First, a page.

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Harry Redknapp and reasonable excuses for not submitting tax returns

By the time most of you are reading this, you will hopefully have ensured your tax return for the year ended 5 April 2011 has been submitted.

As you probably know, the penalty for the failure to submit the return is £100, and for the first time, the penalty is due whether or not there is any tax to pay. The deadline was 31 January 2012, although you may have noticed that the deadline was extended to 2 February this year after HMRC’s call centre announced a strike on 31 January.

Even if the two day extended deadline does not provide enough time to allow the tax return to be submitted, there is always the plea of 'reasonable excuse'. Now, 'reasonable' is of course a subjective term, and may mean different things to different people. In the current case in which Harry Redknapp has been charged with tax evasion, he claims in his defence that he writes like a two year old and can’t spell, and that he paid his accountant a fortune to look after him. Whether these excuses are acceptable will be determined shortly, but in the meantime what do we understand by 'reasonable excuse?'

HMRC provides us with some examples which include:

  •  a failure in the HMRC computer system
  • your computer breaks down just before or during the preparation of the online return,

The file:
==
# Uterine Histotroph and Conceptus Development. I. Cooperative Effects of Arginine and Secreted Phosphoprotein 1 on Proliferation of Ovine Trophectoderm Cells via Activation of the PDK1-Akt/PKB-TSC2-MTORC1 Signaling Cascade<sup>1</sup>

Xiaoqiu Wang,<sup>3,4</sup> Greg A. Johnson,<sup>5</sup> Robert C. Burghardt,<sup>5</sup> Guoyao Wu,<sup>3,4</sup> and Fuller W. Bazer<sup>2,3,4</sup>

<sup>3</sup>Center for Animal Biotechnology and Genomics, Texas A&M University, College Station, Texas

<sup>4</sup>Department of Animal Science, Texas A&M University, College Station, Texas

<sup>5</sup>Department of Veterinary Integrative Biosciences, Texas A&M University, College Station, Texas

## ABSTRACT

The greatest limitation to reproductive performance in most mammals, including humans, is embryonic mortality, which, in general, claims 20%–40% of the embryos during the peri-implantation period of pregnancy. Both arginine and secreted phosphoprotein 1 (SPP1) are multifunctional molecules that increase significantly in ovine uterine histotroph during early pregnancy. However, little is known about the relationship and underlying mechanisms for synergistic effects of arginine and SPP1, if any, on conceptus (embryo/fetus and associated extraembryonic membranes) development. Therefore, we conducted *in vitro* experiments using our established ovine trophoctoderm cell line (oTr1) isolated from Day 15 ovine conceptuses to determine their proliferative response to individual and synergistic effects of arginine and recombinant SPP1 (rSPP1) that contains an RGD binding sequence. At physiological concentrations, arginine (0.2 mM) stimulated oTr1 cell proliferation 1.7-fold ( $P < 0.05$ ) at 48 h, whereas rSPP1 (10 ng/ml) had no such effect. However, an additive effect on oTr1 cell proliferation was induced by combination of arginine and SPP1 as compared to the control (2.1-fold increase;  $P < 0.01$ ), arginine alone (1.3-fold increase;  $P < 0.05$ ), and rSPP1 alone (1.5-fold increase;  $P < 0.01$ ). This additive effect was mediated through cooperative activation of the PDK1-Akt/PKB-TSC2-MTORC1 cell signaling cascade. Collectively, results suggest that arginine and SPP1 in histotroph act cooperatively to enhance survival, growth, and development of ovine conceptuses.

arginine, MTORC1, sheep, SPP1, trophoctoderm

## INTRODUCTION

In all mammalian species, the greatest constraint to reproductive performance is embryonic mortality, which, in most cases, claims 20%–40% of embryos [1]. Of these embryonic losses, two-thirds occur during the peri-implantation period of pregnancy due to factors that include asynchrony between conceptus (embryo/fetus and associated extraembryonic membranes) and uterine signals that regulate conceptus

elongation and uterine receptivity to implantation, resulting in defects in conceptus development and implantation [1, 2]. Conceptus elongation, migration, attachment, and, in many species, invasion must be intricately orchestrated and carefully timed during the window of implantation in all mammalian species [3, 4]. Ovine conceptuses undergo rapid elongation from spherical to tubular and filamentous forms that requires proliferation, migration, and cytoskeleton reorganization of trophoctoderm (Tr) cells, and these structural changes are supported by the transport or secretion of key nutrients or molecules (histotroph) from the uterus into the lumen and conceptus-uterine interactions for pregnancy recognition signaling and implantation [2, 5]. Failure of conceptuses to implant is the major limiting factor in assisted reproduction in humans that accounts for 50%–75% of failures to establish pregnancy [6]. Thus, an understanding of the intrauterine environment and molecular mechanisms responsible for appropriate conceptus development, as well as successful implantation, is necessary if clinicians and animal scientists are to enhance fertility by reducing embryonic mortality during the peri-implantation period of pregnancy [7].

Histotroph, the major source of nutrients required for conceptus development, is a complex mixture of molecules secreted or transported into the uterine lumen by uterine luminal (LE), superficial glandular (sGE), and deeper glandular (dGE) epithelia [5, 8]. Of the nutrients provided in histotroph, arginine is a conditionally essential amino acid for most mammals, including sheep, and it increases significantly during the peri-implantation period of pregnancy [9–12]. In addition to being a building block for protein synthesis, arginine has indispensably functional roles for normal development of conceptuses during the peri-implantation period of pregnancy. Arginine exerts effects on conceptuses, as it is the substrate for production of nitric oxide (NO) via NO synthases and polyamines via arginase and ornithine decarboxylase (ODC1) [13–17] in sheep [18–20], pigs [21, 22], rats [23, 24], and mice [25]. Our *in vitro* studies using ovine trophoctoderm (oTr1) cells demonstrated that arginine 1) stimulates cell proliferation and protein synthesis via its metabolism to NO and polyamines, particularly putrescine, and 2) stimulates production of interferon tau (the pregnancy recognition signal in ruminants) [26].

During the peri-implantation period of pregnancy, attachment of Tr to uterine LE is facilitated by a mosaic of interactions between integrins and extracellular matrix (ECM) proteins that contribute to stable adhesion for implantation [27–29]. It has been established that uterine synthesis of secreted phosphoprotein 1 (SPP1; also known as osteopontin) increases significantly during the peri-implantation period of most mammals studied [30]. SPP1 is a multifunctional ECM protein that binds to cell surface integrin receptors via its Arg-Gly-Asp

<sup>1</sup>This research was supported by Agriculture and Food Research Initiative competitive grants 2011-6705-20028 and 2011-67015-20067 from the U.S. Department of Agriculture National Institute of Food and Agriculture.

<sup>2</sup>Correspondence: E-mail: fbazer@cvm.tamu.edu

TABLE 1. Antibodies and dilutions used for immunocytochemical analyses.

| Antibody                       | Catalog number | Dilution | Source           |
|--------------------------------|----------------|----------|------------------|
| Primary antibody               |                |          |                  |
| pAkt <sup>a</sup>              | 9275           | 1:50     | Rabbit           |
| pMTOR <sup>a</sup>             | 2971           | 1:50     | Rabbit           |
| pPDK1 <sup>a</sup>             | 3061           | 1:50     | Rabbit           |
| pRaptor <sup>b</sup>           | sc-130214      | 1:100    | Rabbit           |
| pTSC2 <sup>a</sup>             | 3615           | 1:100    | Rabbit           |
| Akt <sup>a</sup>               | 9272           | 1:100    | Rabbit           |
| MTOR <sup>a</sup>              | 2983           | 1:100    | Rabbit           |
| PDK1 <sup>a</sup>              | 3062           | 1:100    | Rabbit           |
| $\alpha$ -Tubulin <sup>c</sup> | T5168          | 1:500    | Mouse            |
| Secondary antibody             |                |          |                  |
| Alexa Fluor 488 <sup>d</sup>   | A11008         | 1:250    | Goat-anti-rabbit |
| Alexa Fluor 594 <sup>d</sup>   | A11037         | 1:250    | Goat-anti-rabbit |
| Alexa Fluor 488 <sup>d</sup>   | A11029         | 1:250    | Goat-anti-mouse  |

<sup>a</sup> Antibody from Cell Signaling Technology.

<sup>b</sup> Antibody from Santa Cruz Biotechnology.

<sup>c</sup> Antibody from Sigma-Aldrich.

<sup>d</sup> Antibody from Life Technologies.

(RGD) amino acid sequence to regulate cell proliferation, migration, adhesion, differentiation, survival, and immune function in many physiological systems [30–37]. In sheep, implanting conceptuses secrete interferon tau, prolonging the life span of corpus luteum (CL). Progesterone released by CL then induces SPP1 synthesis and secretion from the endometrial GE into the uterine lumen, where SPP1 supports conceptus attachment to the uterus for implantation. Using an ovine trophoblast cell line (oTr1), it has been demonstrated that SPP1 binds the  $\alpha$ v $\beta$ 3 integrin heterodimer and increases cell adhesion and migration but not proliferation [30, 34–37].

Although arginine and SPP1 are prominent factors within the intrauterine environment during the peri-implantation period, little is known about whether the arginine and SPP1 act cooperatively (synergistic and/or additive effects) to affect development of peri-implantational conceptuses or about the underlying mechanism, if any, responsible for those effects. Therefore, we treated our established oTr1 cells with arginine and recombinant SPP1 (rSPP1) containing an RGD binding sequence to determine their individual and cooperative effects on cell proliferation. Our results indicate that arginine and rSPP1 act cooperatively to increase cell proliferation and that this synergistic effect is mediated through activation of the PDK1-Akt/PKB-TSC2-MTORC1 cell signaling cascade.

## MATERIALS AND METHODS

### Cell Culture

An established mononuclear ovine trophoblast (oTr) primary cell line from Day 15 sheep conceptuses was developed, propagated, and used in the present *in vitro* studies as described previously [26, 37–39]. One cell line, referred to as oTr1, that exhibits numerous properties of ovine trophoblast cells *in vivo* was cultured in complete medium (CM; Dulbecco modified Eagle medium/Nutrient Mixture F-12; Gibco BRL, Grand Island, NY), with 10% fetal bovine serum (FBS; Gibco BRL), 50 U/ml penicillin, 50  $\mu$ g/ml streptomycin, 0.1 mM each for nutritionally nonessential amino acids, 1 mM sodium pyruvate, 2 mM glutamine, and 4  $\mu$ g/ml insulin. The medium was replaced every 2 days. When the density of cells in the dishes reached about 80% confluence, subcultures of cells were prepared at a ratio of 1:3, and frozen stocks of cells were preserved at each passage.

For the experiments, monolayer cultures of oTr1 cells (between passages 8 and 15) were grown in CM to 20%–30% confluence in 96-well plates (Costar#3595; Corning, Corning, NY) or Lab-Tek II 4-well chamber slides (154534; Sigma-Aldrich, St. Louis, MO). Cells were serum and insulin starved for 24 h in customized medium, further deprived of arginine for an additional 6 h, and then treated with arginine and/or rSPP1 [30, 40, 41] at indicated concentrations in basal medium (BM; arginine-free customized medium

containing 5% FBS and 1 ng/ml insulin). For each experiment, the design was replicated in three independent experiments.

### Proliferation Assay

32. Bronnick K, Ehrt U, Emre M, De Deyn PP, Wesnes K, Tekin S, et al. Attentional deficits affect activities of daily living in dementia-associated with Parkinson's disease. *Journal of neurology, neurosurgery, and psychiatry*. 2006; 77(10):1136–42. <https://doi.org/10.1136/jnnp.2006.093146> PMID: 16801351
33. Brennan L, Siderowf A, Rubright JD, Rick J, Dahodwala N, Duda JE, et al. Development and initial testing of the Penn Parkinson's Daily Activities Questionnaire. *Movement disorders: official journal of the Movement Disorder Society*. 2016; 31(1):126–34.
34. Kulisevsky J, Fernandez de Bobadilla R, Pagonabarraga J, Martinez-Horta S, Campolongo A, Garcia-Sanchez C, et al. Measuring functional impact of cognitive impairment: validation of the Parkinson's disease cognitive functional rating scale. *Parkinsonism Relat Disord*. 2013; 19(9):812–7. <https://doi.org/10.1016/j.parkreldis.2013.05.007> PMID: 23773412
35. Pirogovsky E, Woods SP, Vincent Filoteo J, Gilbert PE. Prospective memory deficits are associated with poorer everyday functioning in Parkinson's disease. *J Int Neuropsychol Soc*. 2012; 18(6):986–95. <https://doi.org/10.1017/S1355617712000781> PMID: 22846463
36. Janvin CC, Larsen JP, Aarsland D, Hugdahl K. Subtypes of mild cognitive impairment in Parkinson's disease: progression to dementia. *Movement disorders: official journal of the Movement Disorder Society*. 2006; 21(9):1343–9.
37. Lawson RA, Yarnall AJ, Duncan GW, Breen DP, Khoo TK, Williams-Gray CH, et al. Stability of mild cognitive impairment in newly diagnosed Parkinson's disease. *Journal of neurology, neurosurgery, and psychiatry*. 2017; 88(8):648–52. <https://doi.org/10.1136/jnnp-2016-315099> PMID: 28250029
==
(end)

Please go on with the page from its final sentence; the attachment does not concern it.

•  a serious illness that has made you incapable of filing your tax return
  •  you registered for the online HMRC activation code but did not get it.
  •  Dog ate my tax return (only joking!)

HMRC also gives us examples which are not reasonable excuses:

  • it’s all too complicated
  • your accountant let you down
  • you forgot

Just last week, a tribunal announced a decision in the case of Sarah Cornes v HMRC that hardship and emotional distress constituted reasonable excuse. To summarise, Ms Cornes, a solicitor had taken a 50% cut in drawings as a result of the recession, her husband was an alcoholic who lost his livelihood three times in three years. And yet HMRC felt all this was not enough to constitute a reasonable excuse and claimed that hardship or distress could not be considered, but they were overruled in this case.

So, if you are reading this and fretting over your non-submitted tax return, it is unlikely you are going to be able to rely on the reasonable excuse, and if you do qualify, you deserve all of our sympathy. For the rest of the late submitters, and last year there were more than 1.5m of you, bear in mind, it will probably cost more than the £100 penalty to get your professional adviser to fight the penalty.

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